Peshawar - Speakers at a seminar have stressed the importance of raising awareness, fostering understanding, and promoting informed decision- making about the multifaceted impacts and risks of climate change. “Climate change is one of the most critical global challenges of our time, affecting all living organisms and natural resources,” they added.
According to a press release issued here on Wednesday, the seminar was organized by the International Water Management Institute (IWMI) Pakistan in Dera Ismail Khan under its USAID-funded Water Management for Enhanced Productivity (WMfEP) project. Titled “Climate Change Risks and Impacts in Gomal Zam Dam Command Area,” the seminar emphasized the intricate relationship between climate change and agriculture.
Speakers said the agriculture sector in Pakistan is one of the major contributors to the country’s GDP, with approximately 20 per cent of the total GDP dependent on consistent water availability. Changes in water supply can impact crop yields and food production. They stressed the need for awareness campaigns and scientific studies to be conducted for agricultural areas, with results used for planning, preparedness, and adaptation measures.
On the occasion, Muhammad Nawaz, Development Specialist and Mission Environmental Officer, USAID Pakistan, said, “Climate change is now a reality. We must understand that weather patterns are changing drastically, and we are facing recurrent floods and droughts. This is a warning sign. We need to adopt these challenges and be resilient to climate shocks; every bigger disaster brings an even bigger opportunity.”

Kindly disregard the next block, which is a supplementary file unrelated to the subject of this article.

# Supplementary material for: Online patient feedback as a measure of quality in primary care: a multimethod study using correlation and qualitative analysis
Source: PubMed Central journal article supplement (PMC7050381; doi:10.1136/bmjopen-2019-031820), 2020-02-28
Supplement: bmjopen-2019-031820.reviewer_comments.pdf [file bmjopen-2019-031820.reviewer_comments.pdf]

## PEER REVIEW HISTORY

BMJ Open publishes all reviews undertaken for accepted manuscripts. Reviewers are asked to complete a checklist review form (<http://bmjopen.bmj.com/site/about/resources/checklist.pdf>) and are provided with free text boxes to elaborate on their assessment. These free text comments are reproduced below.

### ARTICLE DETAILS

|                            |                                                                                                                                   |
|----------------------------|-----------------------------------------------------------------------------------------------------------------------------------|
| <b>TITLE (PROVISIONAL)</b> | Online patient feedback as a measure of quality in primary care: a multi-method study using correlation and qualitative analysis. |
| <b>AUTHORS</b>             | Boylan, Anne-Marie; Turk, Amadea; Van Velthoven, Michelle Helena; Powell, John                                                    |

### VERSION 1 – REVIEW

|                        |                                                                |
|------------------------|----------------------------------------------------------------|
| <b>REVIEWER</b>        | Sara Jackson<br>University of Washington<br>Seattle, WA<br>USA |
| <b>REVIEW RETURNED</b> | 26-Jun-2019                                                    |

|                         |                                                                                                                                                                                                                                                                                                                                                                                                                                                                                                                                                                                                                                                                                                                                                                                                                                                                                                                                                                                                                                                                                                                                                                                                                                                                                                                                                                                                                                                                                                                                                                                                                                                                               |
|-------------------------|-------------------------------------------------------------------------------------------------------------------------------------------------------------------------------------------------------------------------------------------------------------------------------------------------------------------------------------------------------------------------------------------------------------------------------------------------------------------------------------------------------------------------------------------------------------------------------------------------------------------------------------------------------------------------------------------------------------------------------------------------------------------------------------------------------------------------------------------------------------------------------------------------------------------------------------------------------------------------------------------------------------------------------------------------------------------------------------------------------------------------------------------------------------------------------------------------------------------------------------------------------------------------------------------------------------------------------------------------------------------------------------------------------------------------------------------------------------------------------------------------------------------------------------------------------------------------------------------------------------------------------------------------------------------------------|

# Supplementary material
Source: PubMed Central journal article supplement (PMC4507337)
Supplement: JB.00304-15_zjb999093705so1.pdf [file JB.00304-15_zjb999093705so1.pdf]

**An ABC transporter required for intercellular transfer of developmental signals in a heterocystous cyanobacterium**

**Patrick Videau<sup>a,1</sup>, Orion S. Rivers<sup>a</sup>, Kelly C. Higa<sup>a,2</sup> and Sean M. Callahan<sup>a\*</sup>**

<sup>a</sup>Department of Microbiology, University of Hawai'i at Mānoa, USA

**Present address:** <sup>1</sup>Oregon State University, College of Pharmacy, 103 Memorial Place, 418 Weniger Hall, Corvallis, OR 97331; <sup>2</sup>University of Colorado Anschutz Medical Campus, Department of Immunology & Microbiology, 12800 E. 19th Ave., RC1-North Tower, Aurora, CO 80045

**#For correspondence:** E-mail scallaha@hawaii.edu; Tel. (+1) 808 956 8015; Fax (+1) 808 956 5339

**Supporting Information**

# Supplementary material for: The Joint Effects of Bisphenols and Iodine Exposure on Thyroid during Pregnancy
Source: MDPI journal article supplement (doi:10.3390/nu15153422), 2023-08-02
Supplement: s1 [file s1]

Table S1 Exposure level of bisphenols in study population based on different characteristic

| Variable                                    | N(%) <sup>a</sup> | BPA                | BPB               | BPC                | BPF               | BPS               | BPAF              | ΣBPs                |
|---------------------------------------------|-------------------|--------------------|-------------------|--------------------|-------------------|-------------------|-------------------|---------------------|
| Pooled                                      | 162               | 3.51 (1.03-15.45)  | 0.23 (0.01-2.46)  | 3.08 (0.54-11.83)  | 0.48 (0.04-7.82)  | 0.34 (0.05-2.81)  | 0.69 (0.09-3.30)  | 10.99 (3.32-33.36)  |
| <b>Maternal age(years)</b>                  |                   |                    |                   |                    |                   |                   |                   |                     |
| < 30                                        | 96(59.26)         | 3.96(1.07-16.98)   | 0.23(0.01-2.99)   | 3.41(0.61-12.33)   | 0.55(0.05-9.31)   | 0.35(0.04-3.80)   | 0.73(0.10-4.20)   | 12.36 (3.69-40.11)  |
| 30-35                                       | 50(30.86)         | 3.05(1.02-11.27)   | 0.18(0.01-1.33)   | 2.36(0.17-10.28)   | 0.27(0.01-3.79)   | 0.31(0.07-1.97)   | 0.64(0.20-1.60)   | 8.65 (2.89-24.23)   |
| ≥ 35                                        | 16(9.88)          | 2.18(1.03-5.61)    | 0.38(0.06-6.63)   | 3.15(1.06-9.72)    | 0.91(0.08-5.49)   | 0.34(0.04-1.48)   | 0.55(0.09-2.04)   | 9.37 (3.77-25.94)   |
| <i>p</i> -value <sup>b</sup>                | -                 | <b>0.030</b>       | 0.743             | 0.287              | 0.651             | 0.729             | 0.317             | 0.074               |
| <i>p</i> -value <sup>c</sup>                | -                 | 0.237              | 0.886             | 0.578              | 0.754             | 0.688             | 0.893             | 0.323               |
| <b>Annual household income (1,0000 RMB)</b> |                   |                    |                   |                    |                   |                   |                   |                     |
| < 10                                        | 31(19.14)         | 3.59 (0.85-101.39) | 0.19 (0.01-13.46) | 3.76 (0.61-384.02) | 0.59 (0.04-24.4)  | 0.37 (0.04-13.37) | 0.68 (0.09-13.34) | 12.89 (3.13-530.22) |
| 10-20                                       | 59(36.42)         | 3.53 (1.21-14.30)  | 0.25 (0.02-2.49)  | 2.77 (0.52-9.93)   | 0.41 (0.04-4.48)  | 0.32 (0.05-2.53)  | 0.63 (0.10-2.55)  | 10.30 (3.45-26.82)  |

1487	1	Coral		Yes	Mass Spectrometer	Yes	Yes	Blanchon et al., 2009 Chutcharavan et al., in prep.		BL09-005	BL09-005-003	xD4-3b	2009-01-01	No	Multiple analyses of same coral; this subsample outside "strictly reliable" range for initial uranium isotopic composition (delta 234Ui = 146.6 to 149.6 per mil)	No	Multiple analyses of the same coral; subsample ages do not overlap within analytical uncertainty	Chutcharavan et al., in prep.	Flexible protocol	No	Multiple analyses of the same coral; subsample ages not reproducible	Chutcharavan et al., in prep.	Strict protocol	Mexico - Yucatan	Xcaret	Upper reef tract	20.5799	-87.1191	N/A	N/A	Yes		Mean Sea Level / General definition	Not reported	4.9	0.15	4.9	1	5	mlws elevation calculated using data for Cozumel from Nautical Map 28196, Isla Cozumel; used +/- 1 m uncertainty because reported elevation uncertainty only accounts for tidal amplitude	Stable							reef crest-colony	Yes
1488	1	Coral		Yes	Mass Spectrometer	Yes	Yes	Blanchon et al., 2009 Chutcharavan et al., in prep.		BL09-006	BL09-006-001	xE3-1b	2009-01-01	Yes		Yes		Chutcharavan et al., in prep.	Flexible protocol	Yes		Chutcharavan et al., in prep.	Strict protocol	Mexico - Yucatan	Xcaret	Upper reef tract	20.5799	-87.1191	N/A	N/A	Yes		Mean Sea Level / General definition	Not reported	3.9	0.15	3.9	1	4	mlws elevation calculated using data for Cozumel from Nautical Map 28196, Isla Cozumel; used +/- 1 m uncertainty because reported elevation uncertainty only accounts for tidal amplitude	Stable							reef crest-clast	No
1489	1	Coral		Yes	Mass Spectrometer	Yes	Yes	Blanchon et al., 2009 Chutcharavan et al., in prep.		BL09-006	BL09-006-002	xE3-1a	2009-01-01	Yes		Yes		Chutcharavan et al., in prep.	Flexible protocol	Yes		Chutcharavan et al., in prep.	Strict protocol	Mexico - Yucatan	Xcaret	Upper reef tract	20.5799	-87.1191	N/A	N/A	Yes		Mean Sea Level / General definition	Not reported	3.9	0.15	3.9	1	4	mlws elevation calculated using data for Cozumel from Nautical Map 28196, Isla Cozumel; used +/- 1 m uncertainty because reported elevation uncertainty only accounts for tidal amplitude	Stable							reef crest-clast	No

One of the goals of this seminar was to present the findings of a detailed scientific study simply conducted by IWMI to the local audience.
The seminar was attended by several institutions, including the district administration, disaster management authorities, Water and Power Development Authority, government departments (Agriculture, Irrigation), Gomal Zam Dam Command Area Development Project (GZDCADP) staff, academia, and most importantly, the farming community.
Dr Tausif Bhatti, Researcher, IWMI, presenting the findings of the scientific study, said that Pakistan regularly experiences some of the highest maximum temperatures in the world, with many regions experiencing temperatures of 38°C and above annually. When weather patterns converge to deliver prolonged heatwaves, serious human health impacts can emerge, he added.
Quoting the 2022 flash floods in the Gomal Zam Dam command area, Dr Bhatti said that it received high-intensity rainfall during August 2022. The post-flood analysis of satellite images in Google Earth Engine showed that one-third of GZDCA was potentially flooded on August 29, 2022.
The predictions for the near future are alarming and call for a resilient approach. There is an urgent need to assess adaptive capacity in GZDCA and enhance it to face future calamities in a better way, he stressed.
The study also provided specific planning and adaptation options to government departments, based on inundation maps of the 2022 flood, to improve flood protection and drainage infrastructure.
The suggestions made in the study for farming communities included plantation in furrows (better drainage of floods), high-efficiency irrigation systems (e.g., drip irrigation for drought), silage making (livestock feed in winter), tunnel farming (weather control), and choosing resilient seed varieties.
The study conducted by IWMI suggests that governments and local authorities need to develop policies that consider the impact of climate change on water resources and integrate them into development planning. Raising awareness among communities about the importance of water conservation and sustainable practices can contribute to a more resilient water future.